Mr. Bryce Engstrom, an architect, wrote a Viewpoint in the Dec. 7 Tribune, “Affordable housing suggestions,” critical of city requirements as they relate to housing and secondary dwelling units in particular.
I would like to provide a couple of clarifications:
In Mr. Engstom’s first point he is critical of the city’s requirement to have the developer pay for frontage improvements as a part of a development project. He implies the city ought to use general tax sources for these improvements. I am not aware of any city in the county that treats this requirement differently than Grover Beach. In cases when development occurs where no frontage improvements exist, installation of frontage improvements are generally required. There are some cities that are more built out than Grover Beach and so the requirements are in those cases less.
In his second point, Mr. Engstrom indicates the cost for a water connection for a second dwelling unit is $20,000. This is incorrect. Second dwelling units are treated the same as single-family units and the total fees for development of a secondary unit and single-family unit are the same. The total costs for all impact fees, connection fees and building permit fees are approximately $20,000, depending on the size of the project being constructed. The water impact fee for a unit with a 1-inch meter is $2,682.77 and the cost to actually connect the meter is about $500. Thus, the total cost for water is about $3,182.77.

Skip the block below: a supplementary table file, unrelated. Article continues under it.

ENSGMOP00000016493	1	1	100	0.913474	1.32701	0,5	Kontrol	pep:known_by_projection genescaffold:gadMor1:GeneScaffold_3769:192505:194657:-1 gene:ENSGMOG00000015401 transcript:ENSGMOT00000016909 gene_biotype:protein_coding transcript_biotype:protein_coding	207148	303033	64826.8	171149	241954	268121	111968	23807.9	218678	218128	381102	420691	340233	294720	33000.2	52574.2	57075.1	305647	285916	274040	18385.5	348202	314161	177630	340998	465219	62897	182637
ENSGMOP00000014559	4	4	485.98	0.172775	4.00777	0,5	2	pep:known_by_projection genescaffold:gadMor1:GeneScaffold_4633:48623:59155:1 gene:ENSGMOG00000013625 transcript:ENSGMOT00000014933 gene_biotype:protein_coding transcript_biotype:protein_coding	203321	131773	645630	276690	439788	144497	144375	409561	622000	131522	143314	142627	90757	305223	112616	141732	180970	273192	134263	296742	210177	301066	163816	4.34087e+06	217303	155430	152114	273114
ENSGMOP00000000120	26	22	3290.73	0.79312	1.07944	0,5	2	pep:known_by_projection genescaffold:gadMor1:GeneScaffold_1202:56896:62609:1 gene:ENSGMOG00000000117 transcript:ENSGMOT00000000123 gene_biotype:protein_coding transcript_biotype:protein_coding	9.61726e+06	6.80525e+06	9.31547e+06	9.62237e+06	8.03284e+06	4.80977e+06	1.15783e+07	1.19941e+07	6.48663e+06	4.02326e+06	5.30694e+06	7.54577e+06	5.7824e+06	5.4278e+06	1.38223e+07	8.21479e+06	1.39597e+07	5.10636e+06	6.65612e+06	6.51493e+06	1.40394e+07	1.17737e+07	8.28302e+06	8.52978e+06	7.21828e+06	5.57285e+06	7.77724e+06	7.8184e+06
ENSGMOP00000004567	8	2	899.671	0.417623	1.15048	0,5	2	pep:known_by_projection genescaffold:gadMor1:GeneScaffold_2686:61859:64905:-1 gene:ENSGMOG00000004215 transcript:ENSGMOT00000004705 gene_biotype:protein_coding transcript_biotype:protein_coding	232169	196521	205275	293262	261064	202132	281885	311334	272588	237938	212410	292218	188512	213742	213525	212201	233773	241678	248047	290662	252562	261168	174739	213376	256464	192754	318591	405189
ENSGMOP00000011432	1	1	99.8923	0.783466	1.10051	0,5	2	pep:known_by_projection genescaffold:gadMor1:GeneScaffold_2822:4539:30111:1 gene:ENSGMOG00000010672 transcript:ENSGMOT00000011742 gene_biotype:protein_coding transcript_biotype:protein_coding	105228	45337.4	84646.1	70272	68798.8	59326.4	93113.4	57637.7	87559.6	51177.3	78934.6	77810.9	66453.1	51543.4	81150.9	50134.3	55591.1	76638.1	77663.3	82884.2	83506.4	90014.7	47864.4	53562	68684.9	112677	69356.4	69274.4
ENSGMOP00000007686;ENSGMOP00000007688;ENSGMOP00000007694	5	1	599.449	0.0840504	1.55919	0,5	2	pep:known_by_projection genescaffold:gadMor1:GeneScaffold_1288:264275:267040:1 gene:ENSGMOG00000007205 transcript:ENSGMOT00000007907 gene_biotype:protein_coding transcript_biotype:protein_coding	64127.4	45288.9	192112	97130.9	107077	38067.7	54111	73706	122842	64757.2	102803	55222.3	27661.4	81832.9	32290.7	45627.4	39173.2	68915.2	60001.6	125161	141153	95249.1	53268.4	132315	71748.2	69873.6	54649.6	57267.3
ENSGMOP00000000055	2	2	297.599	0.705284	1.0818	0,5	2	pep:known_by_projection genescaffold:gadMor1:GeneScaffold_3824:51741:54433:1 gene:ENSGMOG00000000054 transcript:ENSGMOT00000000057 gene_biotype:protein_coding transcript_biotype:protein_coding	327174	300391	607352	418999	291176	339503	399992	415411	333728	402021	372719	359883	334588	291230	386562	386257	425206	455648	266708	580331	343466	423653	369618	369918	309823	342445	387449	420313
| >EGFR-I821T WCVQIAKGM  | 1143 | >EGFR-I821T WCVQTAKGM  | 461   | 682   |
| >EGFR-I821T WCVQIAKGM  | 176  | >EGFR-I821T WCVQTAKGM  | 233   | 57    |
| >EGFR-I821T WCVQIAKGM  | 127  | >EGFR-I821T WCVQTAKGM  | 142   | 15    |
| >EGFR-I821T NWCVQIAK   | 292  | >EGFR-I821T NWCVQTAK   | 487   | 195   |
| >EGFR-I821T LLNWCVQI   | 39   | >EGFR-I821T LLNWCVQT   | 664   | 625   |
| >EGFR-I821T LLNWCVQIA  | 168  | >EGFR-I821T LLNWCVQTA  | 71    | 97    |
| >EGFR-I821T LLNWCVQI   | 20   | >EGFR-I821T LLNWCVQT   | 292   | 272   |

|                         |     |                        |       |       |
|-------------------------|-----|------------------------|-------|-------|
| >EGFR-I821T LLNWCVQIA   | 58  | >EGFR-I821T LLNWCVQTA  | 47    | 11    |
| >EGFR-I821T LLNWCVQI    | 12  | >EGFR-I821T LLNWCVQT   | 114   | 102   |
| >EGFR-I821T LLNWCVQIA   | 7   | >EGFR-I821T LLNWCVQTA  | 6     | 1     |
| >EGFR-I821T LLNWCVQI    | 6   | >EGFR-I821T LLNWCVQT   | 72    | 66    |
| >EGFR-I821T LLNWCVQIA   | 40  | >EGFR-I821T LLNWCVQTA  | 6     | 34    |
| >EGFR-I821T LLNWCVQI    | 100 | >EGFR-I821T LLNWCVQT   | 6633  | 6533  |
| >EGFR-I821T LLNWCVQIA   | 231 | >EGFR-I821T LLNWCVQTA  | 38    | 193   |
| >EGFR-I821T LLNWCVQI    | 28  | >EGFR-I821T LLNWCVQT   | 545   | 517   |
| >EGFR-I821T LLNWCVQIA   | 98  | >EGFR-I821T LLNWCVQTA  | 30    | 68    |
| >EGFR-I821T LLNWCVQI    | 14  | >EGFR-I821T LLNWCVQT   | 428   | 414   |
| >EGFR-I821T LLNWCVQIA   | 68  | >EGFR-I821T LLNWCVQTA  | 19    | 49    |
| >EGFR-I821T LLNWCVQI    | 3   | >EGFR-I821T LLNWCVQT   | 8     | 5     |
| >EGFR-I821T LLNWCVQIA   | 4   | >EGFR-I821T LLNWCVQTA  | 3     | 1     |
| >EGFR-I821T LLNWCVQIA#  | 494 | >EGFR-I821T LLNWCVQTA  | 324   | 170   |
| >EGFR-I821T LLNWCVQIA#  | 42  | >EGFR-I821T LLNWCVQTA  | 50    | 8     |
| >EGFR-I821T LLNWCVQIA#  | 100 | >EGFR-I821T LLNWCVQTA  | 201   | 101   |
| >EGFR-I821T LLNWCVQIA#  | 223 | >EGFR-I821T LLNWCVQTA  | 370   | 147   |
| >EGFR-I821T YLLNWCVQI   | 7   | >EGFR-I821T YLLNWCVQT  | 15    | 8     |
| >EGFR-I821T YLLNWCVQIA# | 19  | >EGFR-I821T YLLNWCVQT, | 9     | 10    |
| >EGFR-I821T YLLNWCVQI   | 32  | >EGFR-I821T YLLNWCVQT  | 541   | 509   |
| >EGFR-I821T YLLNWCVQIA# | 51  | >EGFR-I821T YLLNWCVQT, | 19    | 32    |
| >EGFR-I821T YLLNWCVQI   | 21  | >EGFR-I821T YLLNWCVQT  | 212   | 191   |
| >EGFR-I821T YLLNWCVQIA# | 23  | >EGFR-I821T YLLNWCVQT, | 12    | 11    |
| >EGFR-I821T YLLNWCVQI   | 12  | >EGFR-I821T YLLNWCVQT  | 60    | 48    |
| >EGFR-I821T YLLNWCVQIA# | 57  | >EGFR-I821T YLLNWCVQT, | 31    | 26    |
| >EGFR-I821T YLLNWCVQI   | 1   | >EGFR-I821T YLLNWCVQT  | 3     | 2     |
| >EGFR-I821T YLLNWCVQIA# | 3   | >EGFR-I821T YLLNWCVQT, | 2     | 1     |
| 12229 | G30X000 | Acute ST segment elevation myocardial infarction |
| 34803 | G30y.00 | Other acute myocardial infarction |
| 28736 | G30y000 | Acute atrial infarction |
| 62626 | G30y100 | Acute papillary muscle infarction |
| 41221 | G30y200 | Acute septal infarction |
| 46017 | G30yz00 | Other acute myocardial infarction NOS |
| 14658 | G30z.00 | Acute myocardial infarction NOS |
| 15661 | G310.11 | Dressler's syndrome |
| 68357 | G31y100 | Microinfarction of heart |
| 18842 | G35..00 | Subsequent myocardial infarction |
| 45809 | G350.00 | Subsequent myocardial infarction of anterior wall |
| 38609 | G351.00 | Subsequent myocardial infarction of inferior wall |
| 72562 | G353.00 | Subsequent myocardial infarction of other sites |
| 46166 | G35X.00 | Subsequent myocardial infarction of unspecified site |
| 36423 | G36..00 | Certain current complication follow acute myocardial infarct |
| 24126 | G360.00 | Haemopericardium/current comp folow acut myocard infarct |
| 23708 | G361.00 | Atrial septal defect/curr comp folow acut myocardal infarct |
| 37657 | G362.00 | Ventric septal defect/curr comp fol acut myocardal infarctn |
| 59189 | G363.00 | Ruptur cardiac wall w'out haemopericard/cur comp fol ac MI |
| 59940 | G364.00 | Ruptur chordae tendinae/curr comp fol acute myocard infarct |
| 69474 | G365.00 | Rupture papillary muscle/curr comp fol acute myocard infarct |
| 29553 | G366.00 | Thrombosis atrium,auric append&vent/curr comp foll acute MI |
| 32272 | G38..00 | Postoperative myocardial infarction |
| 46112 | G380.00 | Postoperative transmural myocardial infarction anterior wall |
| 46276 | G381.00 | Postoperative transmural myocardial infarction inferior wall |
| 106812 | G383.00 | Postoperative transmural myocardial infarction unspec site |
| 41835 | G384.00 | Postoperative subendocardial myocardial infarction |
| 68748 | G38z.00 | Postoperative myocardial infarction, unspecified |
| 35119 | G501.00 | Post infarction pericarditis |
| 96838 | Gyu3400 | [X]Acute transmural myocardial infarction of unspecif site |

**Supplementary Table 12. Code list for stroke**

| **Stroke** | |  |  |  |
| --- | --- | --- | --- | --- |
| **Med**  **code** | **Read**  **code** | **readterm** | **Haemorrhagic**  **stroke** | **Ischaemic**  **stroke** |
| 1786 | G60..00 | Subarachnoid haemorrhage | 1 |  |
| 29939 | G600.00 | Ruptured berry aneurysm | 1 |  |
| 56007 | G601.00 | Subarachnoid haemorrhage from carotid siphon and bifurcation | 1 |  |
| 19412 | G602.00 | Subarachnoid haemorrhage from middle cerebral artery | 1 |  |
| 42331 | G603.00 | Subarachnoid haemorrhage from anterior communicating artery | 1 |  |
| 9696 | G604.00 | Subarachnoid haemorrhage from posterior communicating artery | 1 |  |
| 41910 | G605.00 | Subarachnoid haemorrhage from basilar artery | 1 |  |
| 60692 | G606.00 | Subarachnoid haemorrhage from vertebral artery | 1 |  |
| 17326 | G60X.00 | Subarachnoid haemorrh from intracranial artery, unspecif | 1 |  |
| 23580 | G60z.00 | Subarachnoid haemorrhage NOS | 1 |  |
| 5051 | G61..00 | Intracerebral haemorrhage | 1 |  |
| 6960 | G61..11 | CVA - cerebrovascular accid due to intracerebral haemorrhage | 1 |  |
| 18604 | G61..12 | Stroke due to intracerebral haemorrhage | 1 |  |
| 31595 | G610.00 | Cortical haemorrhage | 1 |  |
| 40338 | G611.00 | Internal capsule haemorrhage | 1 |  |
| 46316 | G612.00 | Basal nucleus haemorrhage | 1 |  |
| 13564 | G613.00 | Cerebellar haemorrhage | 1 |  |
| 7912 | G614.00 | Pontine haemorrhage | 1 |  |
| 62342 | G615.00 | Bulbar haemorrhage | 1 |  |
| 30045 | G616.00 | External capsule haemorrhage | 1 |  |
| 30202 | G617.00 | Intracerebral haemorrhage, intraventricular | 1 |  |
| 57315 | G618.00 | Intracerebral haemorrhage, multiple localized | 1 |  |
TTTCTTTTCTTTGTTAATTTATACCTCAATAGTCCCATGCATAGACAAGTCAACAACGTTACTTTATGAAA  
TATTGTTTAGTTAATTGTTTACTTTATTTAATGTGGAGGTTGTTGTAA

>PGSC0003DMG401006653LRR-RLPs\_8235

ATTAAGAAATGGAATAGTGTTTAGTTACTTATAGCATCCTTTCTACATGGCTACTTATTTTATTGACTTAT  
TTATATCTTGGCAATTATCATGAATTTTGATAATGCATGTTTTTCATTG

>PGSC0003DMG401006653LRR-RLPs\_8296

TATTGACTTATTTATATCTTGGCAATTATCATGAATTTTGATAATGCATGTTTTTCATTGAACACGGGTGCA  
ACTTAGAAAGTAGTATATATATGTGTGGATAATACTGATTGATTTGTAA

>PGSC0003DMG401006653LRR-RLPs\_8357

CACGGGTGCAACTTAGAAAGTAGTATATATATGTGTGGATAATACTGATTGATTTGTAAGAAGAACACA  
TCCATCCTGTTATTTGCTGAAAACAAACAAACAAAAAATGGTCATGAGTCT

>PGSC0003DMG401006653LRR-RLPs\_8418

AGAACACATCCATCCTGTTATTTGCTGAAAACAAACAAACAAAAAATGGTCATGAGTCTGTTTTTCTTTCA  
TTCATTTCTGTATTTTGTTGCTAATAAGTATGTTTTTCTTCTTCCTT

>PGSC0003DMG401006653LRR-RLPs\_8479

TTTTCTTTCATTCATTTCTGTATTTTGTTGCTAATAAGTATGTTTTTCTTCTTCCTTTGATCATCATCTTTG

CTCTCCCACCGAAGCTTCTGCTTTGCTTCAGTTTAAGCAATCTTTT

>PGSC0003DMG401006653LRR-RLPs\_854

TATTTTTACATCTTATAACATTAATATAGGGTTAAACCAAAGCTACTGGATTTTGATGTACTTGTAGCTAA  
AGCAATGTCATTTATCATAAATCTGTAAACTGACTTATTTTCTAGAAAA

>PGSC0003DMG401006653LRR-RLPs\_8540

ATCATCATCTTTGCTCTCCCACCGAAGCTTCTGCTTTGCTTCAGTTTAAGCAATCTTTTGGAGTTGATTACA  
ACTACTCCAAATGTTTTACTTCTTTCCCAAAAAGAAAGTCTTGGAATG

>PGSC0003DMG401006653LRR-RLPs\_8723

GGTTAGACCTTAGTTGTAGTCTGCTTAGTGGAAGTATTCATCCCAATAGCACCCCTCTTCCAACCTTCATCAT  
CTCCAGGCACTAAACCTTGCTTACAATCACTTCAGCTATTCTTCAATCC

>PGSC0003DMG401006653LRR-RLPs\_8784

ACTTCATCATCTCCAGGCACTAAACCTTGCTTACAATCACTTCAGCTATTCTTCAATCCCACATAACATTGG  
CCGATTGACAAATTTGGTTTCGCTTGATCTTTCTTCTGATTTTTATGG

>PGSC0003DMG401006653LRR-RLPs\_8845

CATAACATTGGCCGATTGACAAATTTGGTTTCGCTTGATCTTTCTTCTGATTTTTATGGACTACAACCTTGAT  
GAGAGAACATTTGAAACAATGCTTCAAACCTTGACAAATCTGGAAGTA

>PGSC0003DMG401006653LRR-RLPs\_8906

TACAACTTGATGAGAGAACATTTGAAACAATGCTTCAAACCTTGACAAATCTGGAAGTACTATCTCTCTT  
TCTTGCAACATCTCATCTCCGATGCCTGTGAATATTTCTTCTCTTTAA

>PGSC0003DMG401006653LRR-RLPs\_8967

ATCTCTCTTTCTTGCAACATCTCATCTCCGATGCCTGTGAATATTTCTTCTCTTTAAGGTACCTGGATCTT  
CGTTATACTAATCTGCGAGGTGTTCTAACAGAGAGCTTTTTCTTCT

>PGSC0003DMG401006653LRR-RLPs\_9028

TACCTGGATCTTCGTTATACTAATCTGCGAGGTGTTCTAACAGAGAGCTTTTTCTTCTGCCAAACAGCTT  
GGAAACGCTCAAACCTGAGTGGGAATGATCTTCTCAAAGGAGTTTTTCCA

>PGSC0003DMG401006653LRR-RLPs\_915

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The council-adopted Housing Element contains a policy regarding completing a review of fees associated with construction of secondary dwelling units with recommendations to be made to the council. We are in the process of completing this review on the staff level.
Bob Perrault is city manager of Grover Beach.